Health system reform legislation (HSRL) is the most domestic issue facing the United States Congress, and a comprehensive bill may become law in early-mid 2010. If so, states will likely be required to take significant, costly actions within the next several years. Stay tuned for updates discussing the role of the states. Meanwhile let us focus upon four states (Hawaii, Maine, Massachusetts, and Vermont) that enacted comprehensive health system reform plans on their own.
Established January 1, 1975, the “Prepaid Health Care Act” was developed and ushered through the legislature in 1975 to parallel to the proposal President Richard Nixon was proposing to Congress. Employers contested the new law, and it went through nearly a decade of legal challenges before the US Supreme Court nullified it on the basis of violating the federal law ERISA. ACC CEO Jack Lewin, an activist physician in the state who was appointed to the Cabinet of then Governor Waihee in 1985 as the State Director of Health, helped assure that the US Congress provided an ERISA exemption to the state to allow the law to be fully implemented---ALL employed workers (and most of their families) were guaranteed private health coverage. The law requires nearly all employers to provide health insurance to employees who work 20 hours or more a week for four consecutive weeks. Employees must maintain the minimum of at least 20 hours a week to remain eligible. To date, Hawaii is the only state that has implemented an employer mandate. Hawaii has one of the highest rates of individuals covered under employer-sponsored insurance. After the Prepaid Health Care Act became law the uninsured rate in Hawaii dropped from 30 to 5 percent. However, since then it has risen to 10 percent. The “Prepaid Healthcare Act” is viewed by many as a model for reform due to its success in providing cost-effective quality coverage.
The Act requires a fixed formula that requires employers to contribute 50 percent of the premium cost for single coverage, and the employee must contribute to the balance. The employee's share can not exceed 1.5 percent of his or her wages. Additionally, coverage benefits must be equal to those provided by the plan with the largest number of subscribers in Hawaii. Some employers including approved seasonal employment, insurance agents and real estate salespersons paid solely by commission and small business owners with no employees are exempted from the Act's requirements. As a result of the law, Hawaii's access to primary care, prevention services, and the state's morbidity and mortality rates are among the lowest in the nation.
In 2003 Maine became the first state to pass universal access legislation with the Dirigo Health Reform Act. The goal of this legislation is to provide every citizen of Maine access to health care by 2009. It includes three aspects: a new health plan to achieve universal access to health coverage; new and improved systems to control health care costs; and, initiatives to ensure the highest quality of care statewide. Under this health plan Maine businesses with 50 or fewer employees, the self-employed, and individuals an affordable, high-quality option for health coverage. Enrollees receive discounts on monthly payments and reductions in deductibles and out-of-pocket expenses based on their income and family size.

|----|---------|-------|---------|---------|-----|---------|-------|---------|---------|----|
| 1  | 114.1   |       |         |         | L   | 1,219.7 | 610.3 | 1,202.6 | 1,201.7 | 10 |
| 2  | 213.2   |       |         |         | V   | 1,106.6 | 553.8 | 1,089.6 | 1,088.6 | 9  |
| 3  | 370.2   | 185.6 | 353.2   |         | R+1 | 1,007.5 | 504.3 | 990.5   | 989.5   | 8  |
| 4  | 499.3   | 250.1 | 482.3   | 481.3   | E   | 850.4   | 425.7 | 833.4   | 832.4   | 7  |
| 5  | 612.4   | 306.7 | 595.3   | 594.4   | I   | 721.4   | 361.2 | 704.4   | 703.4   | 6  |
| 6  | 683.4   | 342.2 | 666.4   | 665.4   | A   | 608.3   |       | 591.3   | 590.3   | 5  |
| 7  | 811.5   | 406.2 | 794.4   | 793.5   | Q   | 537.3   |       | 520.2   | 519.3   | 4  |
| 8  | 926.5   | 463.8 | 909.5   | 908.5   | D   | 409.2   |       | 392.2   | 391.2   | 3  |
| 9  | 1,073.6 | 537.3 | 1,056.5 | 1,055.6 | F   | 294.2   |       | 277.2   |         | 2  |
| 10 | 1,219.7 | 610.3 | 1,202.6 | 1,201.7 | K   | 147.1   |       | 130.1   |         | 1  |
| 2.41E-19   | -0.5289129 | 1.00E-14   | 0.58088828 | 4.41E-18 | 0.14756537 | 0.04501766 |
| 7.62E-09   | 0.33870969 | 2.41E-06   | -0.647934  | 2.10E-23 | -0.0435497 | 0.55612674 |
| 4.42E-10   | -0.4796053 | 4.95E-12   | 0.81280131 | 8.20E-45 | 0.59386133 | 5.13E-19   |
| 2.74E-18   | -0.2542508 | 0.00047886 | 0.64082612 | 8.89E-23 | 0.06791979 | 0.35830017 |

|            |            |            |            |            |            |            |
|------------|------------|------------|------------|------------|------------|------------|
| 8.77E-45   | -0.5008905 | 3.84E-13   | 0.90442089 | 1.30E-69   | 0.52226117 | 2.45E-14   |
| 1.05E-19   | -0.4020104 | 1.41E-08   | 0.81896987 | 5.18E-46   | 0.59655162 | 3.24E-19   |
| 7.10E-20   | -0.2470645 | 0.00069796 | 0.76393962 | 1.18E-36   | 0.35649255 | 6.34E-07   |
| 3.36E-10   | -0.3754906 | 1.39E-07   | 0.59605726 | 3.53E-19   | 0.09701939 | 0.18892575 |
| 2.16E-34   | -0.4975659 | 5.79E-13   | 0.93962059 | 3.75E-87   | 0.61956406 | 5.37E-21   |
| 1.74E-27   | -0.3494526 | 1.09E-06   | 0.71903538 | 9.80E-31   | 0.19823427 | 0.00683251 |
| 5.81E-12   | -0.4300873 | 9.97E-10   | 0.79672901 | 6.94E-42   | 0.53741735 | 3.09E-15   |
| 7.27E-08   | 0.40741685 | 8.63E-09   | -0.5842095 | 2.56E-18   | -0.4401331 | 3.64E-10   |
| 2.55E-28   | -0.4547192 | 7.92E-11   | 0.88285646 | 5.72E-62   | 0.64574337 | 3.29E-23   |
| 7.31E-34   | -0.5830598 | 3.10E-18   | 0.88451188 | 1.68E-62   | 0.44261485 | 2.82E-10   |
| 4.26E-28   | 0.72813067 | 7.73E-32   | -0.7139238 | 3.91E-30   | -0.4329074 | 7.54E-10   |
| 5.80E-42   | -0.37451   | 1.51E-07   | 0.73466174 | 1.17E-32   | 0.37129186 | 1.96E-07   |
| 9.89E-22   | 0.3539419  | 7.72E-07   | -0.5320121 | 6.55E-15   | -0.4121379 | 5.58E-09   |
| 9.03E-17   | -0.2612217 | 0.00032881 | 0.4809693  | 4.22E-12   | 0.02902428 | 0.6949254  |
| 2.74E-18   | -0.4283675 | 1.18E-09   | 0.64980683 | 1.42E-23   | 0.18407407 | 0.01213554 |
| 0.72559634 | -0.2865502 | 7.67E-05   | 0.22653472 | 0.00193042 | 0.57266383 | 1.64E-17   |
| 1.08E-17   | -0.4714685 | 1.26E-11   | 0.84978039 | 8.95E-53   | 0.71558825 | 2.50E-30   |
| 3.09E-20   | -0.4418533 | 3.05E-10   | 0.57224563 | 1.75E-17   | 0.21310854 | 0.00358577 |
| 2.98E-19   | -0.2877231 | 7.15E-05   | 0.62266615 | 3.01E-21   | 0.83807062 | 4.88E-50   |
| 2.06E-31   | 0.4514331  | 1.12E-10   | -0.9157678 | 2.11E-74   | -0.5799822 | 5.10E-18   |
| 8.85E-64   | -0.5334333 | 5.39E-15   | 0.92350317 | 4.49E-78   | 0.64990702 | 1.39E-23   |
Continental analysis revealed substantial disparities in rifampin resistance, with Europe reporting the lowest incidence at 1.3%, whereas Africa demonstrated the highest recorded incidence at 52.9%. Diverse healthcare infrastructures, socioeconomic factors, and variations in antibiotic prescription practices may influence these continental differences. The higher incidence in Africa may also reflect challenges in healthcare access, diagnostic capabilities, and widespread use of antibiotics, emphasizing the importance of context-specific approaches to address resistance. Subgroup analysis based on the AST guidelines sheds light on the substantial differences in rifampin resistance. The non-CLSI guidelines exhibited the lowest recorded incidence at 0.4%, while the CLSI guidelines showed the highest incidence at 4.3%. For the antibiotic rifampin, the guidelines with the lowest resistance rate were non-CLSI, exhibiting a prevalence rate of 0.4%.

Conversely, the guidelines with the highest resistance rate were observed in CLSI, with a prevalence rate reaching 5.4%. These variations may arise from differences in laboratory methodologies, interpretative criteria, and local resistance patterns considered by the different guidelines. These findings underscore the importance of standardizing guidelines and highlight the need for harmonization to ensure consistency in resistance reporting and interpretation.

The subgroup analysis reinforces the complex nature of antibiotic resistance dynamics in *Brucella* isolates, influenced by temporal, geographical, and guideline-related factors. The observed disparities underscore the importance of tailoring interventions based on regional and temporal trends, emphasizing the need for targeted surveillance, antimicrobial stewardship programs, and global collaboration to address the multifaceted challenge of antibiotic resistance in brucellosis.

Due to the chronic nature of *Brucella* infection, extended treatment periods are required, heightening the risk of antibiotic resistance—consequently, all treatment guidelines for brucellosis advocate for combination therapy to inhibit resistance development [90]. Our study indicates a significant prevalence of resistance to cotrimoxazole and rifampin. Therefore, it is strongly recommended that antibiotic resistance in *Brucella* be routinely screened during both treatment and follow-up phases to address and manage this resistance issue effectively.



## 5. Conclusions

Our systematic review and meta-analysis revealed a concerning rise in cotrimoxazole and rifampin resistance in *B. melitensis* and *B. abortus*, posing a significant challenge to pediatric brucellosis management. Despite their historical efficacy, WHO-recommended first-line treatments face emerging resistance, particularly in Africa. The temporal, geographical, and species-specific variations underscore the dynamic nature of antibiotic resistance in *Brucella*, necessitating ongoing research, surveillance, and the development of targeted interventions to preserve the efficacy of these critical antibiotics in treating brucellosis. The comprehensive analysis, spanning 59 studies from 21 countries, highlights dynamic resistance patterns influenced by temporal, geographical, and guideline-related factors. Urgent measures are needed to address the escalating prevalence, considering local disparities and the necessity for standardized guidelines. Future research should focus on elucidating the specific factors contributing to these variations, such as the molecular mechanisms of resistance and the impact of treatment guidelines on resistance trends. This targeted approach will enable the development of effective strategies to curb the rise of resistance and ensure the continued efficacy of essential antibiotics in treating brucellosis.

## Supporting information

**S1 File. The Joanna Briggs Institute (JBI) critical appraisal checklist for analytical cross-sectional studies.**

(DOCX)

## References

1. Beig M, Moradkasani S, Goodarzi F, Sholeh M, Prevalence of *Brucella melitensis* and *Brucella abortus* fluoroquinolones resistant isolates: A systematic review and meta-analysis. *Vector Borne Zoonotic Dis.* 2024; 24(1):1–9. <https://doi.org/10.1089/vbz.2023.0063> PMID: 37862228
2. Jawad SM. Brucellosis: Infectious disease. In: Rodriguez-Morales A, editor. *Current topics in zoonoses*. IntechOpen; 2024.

The Massachusetts legislature enacted the “Access to Affordable, Quality, Accountable Health Care” on April 12, 2006 and sent it to then Governor Mitt Romney for his signature. Chapter 58 of the bill reflects a 16 month debate and series of compromises between Democrats and Republicans aimed at ensuring universal access. The final bill passed with four "nay" votes out of 200 Senate and House members. The law pulled together a number of strategies targeting various uninsured populations, including an individual mandate requiring that almost all residents have health insurance by July of 2007. It also created the Commonwealth Health Insurance Connector, which assists small businesses and individuals in navigating the insurance world. In May 2009, the Massachusetts Taxpayers Foundation produced a report that evaluated the fiscal impact of the legislation. The report concluded that Healthcare Reform has had a marginal impact on state spending.
Vermont enacted the Health Care Affordability Act (H861) in 2006 to address soaring health care costs. An integral piece of this reform is a new health insurance program called Catamount Health. This comprehensive legislation provides affordable coverage for the uninsured by focusing on better management of chronic care and making health care affordable and accessible.
Since 70 percent of health care costs in Vermont can be attributed to care for chronic condition, the Vermont reform keys in on chronic care management. The act makes chronic care management more accessible by establishing a system including
early and coordinated screening for conditions such as diabetes and asthma, better management of chronic care and an emphasis on patient self-management and waiving co-pays for patients who seek appropriate care. Additionally, the act changes the provider reimbursement system to encourage excellence in chronic disease management.
Through Catamount Health, everyone who is uninsured for 12 months or more will have access to, as well as help paying for a comprehensive health insurance package, following policymakers’ guiding principle that everybody is covered and everybody
pays. The plan is offered by the private sector and subsidized with public funds through a sliding scale for anyone under 300 percent of poverty. The program will be financed with sliding-scale co-pays, tobacco taxes, Medicaid dollars, and an employer assessment. State fiscal obligations are controlled through enrollment caps.
For more on state health system reform, visit the National Governors Association and National Association of State Legislatures.